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Blog: AI scribes and the doctor-patient experience

9 February 2024
| 13 comments
By Kate McDonald
Image: iStock

It has been some time coming but this week there was a major breakthrough in the use of AI-assisted transcription tools in general practice when Best Practice announced it had partnered with very youthful start-up Lyrebird Health to integrate the latter’s Lyrebird Scribe tool into Bp Premier.

Rival Medical Director was not far behind, announcing it too was in discussions with a number of tech providers to develop a transcription capability that Telstra Health plans to add to its new Smart suite of tools for MD. (Telstra Health has big plans for its Smart suite that are worth taking a close look at.)

While these sorts of cheap and freely available AI-assisted voice to text apps for medical transcription in primary care have been around almost a year – a veritable lifetime in AI terms – what is different about BP’s announcement is that it’s embedding Lyrebird into its PMS. Other popular offerings out there like Heidi Health do the same job in terms of AI prompts and can be used with any PMS just by copying and pasting notes, integrating the app into the PMS has always been the holy grail for GPs.

What is more interesting than the tech – voice-to-text medical transcription has been around for quite a few years now, although it has been massively boosted in efficiency through conversational and generative AI – is what routine use of these tools will do for the patient experience. It will be interesting to see how GPs in particular introduce patients to the use of these apps in routine consultations with consent to being recorded having long been an impenetrable barrier.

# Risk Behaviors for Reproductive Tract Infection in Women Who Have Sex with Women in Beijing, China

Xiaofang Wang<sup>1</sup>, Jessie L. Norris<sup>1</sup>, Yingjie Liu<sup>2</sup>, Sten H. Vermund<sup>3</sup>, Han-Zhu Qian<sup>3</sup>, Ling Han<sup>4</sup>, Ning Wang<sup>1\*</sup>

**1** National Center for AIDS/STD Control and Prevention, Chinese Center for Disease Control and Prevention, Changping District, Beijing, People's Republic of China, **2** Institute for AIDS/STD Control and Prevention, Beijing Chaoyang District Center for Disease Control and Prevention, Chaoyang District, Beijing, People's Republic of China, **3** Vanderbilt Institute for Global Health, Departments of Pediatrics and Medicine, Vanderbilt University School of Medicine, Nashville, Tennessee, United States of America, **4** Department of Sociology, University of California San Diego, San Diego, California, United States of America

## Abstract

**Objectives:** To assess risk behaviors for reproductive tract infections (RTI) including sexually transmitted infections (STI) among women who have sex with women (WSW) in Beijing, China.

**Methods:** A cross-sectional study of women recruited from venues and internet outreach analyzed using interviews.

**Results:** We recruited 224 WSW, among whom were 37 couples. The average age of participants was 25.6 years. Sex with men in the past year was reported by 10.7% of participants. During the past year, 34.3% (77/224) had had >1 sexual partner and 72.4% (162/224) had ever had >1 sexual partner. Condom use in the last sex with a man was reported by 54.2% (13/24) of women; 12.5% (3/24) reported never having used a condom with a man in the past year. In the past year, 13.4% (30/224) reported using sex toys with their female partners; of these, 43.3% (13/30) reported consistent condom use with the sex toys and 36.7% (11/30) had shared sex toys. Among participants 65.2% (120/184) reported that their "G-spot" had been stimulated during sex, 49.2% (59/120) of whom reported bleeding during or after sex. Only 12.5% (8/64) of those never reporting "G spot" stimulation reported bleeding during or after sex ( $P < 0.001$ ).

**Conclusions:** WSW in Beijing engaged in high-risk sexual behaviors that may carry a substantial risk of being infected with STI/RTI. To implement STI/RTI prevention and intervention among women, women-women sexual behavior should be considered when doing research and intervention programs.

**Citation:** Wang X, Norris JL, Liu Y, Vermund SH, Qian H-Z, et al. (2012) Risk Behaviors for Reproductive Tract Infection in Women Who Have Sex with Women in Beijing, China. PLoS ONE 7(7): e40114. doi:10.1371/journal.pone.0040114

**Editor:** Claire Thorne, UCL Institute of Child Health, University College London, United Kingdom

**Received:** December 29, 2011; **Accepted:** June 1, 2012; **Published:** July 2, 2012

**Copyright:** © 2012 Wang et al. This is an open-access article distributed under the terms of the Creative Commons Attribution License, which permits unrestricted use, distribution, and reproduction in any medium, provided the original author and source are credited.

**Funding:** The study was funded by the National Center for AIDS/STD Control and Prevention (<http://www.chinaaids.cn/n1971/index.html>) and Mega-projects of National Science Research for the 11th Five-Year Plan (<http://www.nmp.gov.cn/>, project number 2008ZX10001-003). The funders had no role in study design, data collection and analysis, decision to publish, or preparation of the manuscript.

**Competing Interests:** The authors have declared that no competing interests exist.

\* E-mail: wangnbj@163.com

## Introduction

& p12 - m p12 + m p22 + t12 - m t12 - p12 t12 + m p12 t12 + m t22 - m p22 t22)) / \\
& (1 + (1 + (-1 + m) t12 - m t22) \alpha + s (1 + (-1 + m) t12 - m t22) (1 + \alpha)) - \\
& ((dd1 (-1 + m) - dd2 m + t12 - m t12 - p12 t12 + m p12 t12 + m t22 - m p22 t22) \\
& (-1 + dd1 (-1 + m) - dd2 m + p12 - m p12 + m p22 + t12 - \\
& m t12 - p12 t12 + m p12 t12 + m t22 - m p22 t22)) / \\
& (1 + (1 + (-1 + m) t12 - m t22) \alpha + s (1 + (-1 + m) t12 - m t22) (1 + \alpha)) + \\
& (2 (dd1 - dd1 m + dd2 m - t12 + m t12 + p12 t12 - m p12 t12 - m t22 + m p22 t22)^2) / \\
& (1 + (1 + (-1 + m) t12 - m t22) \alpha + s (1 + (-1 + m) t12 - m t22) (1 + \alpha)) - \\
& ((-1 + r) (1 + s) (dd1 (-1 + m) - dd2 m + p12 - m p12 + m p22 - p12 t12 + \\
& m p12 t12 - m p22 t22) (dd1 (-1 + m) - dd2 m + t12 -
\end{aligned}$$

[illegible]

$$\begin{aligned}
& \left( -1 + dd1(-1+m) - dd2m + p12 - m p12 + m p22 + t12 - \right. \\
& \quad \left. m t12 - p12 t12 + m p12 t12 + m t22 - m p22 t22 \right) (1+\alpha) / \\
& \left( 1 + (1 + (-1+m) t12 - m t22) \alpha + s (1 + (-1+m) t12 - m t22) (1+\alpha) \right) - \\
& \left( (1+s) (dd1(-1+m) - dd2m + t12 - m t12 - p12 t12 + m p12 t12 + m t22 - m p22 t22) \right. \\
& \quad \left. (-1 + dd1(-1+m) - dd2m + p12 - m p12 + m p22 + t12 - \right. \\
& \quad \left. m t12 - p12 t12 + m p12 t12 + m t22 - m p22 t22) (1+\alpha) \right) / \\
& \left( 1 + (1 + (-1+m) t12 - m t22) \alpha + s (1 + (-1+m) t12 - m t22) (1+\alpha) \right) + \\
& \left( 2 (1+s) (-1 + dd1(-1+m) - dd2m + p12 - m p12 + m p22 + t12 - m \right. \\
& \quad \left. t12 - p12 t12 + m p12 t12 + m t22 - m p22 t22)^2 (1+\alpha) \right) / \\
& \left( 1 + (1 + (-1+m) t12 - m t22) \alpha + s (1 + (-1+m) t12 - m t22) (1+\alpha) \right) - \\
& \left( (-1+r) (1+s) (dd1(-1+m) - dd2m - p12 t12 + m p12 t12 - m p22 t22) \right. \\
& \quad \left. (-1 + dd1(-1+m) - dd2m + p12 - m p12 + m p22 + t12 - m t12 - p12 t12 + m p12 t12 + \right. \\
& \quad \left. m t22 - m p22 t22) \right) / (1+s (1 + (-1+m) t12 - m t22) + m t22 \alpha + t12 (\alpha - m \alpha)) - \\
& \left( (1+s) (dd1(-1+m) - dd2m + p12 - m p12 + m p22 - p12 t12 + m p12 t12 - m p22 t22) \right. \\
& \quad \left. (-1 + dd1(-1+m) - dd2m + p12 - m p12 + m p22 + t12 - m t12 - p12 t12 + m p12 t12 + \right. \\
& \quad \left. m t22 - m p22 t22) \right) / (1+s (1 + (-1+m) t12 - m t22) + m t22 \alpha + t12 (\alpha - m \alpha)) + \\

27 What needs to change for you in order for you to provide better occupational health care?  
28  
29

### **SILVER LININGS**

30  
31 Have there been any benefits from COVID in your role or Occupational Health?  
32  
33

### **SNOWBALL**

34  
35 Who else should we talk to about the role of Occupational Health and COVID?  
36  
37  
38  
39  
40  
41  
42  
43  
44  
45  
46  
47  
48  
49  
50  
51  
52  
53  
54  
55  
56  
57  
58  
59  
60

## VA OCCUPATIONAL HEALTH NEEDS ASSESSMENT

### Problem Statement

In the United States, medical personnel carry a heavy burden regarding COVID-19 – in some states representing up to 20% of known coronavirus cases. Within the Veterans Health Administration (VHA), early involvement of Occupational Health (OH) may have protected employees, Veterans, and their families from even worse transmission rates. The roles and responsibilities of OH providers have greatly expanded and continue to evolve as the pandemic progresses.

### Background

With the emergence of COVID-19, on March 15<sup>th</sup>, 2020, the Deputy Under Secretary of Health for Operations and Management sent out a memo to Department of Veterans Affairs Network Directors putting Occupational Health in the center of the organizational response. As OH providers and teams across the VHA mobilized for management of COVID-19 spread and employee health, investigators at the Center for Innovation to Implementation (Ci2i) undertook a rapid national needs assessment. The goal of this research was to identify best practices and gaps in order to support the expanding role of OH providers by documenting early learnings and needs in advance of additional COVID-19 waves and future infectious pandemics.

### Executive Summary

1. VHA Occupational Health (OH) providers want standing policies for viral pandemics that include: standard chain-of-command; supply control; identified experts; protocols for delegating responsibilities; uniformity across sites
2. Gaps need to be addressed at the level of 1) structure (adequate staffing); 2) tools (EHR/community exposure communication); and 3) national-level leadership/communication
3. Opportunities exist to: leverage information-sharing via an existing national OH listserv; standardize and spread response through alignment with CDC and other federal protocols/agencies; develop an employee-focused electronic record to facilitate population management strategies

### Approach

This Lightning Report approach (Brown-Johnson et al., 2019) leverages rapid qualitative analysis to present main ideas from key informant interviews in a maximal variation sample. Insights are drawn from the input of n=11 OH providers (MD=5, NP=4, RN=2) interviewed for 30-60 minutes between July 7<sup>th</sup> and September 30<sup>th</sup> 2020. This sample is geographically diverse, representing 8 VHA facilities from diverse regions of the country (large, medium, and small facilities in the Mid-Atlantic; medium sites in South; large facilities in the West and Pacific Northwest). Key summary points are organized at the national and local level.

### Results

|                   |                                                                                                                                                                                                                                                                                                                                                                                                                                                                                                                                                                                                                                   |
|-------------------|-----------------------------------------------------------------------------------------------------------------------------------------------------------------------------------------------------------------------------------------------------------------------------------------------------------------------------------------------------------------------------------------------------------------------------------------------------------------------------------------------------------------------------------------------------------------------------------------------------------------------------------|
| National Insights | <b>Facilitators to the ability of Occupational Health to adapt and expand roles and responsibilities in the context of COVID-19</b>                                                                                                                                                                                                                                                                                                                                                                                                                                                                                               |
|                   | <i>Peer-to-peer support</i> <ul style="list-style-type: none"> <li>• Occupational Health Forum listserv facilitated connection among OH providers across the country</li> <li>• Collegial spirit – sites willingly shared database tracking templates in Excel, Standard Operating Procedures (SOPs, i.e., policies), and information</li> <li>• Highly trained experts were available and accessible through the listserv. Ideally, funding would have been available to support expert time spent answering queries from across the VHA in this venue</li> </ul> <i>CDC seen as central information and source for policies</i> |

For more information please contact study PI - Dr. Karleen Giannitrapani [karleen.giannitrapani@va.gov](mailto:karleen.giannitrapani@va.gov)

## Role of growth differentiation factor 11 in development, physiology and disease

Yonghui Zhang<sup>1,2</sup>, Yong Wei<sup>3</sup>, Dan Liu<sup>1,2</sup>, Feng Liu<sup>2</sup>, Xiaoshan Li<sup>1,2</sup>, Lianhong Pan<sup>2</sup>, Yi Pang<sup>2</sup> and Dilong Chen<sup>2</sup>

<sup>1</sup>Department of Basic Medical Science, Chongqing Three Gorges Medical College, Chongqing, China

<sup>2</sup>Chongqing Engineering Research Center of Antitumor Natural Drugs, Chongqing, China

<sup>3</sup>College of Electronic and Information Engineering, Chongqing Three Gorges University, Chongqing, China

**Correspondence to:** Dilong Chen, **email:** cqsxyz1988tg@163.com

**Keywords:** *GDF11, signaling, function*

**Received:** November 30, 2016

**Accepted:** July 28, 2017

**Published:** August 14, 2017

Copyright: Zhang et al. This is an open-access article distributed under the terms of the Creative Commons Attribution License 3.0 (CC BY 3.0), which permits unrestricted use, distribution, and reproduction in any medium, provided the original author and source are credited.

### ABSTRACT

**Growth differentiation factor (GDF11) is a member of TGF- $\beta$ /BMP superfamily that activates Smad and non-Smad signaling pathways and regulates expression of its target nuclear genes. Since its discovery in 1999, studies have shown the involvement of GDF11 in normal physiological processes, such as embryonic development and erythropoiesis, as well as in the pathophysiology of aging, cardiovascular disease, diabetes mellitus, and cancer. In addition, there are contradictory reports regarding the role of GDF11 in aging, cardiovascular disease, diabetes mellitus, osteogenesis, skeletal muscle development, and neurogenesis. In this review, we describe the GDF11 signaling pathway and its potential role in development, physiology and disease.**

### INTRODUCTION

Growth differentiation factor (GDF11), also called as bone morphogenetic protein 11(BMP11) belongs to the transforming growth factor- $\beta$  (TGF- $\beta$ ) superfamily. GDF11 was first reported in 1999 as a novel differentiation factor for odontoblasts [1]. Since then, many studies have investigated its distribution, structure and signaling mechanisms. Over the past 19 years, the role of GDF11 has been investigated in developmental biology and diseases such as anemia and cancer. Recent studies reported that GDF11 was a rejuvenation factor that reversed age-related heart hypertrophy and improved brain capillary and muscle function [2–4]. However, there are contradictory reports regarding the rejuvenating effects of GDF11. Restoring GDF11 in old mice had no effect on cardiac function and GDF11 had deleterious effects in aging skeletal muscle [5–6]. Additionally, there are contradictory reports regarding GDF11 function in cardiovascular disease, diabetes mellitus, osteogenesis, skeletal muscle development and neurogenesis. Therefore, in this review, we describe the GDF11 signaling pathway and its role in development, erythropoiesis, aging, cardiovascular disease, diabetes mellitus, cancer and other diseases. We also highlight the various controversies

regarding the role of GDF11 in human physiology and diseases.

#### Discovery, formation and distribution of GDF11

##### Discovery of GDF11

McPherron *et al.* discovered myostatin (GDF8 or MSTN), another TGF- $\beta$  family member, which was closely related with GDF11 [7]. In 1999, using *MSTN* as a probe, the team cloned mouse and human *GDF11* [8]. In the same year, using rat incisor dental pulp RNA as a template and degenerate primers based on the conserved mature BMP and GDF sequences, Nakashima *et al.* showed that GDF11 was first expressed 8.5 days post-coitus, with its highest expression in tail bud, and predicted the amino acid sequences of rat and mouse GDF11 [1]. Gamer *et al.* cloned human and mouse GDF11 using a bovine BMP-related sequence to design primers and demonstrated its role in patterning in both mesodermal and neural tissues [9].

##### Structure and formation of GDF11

These new tools though are able to listen in, provide real-time transcription, convert the consult to a clinical note and then wipe all trace of audio in a matter of seconds. It will be fascinating to see if there are immediate changes to doctor-patient interactions, with the doctor free to concentrate more on the patient in front of them than their computer.

Dictation tools have of course been commonplace for transcribing dictation for medical specialists and hospital notes for years, but they have never been able to penetrate the GP market. GPs have been very early adopters of this newer technology though, probably because it’s actually useful to them.

That BP has chosen to partner with a start-up like Lyrebird, established by two uni students with no history in healthcare, would normally raise everyone’s eyebrows. The commitment to privacy and security for patients and practitioners is impressive, although we would like to know a little more about how their AI has been trained and on what. We also think it might be an idea for the GP colleges to publish some guidance on how to use these tools with patients, including gaining their consent.

We also think there is real potential here for GPs to not just use the tools for their own notes, but for generating consult notes for patients. No more in one ear and out the other? That would be a breakthrough indeed.

That brings us to our poll question for the week:

Will AI transcription tools improve the patient experience in consultations?

Vote here and leave your comments below.

Last week we asked: Is there a need for comprehensive standards for LLM-generated clinical summaries? Overwhelmingly yes, our readers said: 88 per cent to 12 per cent against.